Living is to Die For

Being born has a hundred percent mortality. Try as they may, the venture capitalists of Silicon Valley may indeed succeed in prolonging life; however, we are all going to die. And the sooner we realize that the more profound our lives will be.

A good life will bring a good death. It does not matter how one dies: at the hands of another or from one’s own hands, from disease or debility or declining years, from war or famine; a good death can be had.

A good death is one that corresponds with one’s beliefs. If one believes that life is only the end of the physical body, then their good death is the removal of the burdens of the body. However, they may be greatly perturbed and confused by what happens after. They may dread that last breath having no inkling of their immortality in the astral and spiritual realms.  One may believe through study or through religion that we have a further existence through a soul that meets a God that either rewards or punish them based on their life on earth; the former having the ‘good death.’ Or one may be a mystic who knows through direct experience in this lifetime that they are, in truth, the Creative Principle; they realize themselves as Spirits-in-Bodies with God-Consciousness. All mystics “die” well because they never really die.

Or one can simply drop the question if there is ‘life after death’ and focus on how we live this life right now to its fullest extent possible right up into its final moments: the Zen of living and dying!

We treat existence as a metaphor, created in the mind, which says we exist in a location and that location is: here; i.e. we conceptualize existence as a presence in a bounded region where we are. To speak of life then as a form of existence, we say that death is a ‘going away’ or death is a ‘departure,’ a ‘leaving us;’ which can make it sad for those ‘left behind.’  If we, however, conceptualize the region of our existence as boundless and timeless, then who is to say that we ever really leave?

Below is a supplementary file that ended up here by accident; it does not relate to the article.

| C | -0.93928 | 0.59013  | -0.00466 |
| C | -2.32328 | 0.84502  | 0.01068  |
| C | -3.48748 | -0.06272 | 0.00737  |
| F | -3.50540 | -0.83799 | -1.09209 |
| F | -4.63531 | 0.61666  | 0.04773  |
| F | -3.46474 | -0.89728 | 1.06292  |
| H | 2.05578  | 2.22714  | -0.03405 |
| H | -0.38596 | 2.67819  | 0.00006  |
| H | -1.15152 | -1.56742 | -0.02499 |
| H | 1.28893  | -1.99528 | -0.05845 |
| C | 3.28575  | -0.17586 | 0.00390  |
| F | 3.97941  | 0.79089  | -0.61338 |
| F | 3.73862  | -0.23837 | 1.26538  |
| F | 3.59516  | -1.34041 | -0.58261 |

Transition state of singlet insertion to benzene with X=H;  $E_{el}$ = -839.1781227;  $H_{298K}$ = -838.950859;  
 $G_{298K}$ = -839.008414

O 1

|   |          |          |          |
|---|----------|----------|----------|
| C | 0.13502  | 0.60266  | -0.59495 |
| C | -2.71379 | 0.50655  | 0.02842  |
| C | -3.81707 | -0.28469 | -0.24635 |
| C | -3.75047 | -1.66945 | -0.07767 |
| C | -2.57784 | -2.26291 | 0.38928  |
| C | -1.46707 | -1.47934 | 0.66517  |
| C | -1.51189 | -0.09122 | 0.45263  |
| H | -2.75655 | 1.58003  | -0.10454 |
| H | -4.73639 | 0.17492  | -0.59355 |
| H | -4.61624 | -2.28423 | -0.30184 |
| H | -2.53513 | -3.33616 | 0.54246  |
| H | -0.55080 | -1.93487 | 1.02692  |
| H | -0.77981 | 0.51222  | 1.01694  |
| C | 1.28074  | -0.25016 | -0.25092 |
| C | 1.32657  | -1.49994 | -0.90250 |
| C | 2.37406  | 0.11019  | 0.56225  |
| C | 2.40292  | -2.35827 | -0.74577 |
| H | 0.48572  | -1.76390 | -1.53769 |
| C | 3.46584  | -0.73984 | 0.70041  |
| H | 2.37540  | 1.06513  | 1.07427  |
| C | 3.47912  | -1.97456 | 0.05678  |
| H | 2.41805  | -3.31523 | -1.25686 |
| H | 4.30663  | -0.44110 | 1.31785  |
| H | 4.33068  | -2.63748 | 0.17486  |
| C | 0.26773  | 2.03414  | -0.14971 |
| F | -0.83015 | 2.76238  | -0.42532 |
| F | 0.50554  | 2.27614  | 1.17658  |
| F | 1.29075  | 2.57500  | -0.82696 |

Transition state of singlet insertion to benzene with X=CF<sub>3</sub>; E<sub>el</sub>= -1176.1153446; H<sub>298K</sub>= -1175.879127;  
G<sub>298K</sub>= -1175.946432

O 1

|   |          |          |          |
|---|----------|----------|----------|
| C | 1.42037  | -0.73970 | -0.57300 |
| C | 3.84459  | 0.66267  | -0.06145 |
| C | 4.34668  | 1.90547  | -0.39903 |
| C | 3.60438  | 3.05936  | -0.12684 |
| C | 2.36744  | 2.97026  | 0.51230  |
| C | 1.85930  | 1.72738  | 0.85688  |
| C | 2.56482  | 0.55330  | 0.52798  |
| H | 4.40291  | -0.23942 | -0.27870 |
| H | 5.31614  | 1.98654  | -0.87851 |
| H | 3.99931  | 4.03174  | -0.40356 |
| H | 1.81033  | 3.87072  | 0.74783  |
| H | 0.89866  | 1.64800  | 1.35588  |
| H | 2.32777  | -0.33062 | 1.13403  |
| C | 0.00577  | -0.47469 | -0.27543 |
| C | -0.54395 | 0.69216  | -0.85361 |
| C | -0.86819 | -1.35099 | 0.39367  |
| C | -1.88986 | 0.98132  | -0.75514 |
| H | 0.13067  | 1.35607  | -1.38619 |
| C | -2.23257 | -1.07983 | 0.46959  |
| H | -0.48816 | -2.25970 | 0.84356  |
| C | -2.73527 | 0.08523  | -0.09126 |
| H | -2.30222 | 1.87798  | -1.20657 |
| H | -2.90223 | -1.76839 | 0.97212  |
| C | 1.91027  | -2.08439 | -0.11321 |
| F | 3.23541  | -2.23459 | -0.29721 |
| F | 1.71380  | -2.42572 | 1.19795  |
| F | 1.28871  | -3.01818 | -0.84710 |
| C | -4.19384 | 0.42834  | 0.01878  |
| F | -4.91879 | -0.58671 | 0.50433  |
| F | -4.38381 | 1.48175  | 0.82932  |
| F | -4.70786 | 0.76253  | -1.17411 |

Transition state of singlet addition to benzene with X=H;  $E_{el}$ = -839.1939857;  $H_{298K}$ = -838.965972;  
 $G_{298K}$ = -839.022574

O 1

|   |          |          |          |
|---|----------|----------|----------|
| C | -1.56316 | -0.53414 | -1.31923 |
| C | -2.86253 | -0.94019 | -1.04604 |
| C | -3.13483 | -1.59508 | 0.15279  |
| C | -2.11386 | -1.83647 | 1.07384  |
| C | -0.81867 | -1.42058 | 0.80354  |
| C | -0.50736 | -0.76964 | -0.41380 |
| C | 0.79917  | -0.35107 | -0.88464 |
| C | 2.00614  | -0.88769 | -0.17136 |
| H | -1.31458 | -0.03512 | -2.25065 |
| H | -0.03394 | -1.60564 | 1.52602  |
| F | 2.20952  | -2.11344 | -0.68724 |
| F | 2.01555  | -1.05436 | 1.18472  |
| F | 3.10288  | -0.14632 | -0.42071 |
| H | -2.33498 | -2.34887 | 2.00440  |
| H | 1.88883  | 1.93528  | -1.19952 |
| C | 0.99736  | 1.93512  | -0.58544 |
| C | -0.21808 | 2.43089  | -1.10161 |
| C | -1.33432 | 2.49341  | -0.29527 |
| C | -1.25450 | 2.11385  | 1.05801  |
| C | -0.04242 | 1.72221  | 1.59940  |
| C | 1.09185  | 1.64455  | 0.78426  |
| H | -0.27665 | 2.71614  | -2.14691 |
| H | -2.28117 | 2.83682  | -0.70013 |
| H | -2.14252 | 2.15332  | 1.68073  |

Thanatology is the study of death and dying; most of what we know comes from people with near-death experiences (NDE) and people at their deathbeds. Of people with NDE, nearly all of them will have an out-of-body sensation wherein awareness is separated from one’s physical body. There is a heightened visual and auditory sense of what is happening in the room. People describe a sense of great understanding, of harmony or unity, and of being in a timeless state. There is an overwhelming peace and loss of pain and some may sense the presence of some kind of tunnel or see a blinding, bright light.

People who have NDEs describe it as a transformative experience that leaves them with a reduced fear of death and a heightened belief in their own continued existence beyond a physical body. These are all experiences consistent with every major religion and the esoteric teachings of yoga.

Patients on their deathbeds, i.e. terminal patients who have days to months to contemplate the finality of their situation, also describe a heightening of awareness and other mental functions. Many people say they have never felt more alive as when they are conscious of their dying.

And common to the NDE and deathbed experience is the dissolution of the “I-Me-Mine” perspective; i.e. a suspension of their sense of ego. It is a point of surrender to a bigger sense of Self. It can be a short-cut to Self- and God-Realization. Death is truly one of the most important moments in the soul’s spiritual evolution and future destiny.

We do not have to wait for death to realize our true Selves. We can start now by knowing that death and birth are just opposite sides of the coin of life, and our very concepts of death influence the way we live. And the way we live will influence the way we die. We can learn to still our bodies, quiet our minds, so we can meditate and turn inwards and upwards to see our true Nature.

I write this on the eve of the weekend of Father’s Day with my dad in his deathbed. We liked to kid him that because he had no vices, he ended up with 12 children. He lived a wholesome, healthy life and now he lies in bed, frail, and wondering what to die of. Done mindfully, death and life are a slow, timeless process full of wonderment. How he lived is how he will die; at home surrounded by loved ones, finding succor and comfort in the arms of his Savior: his Highest Self, his God.


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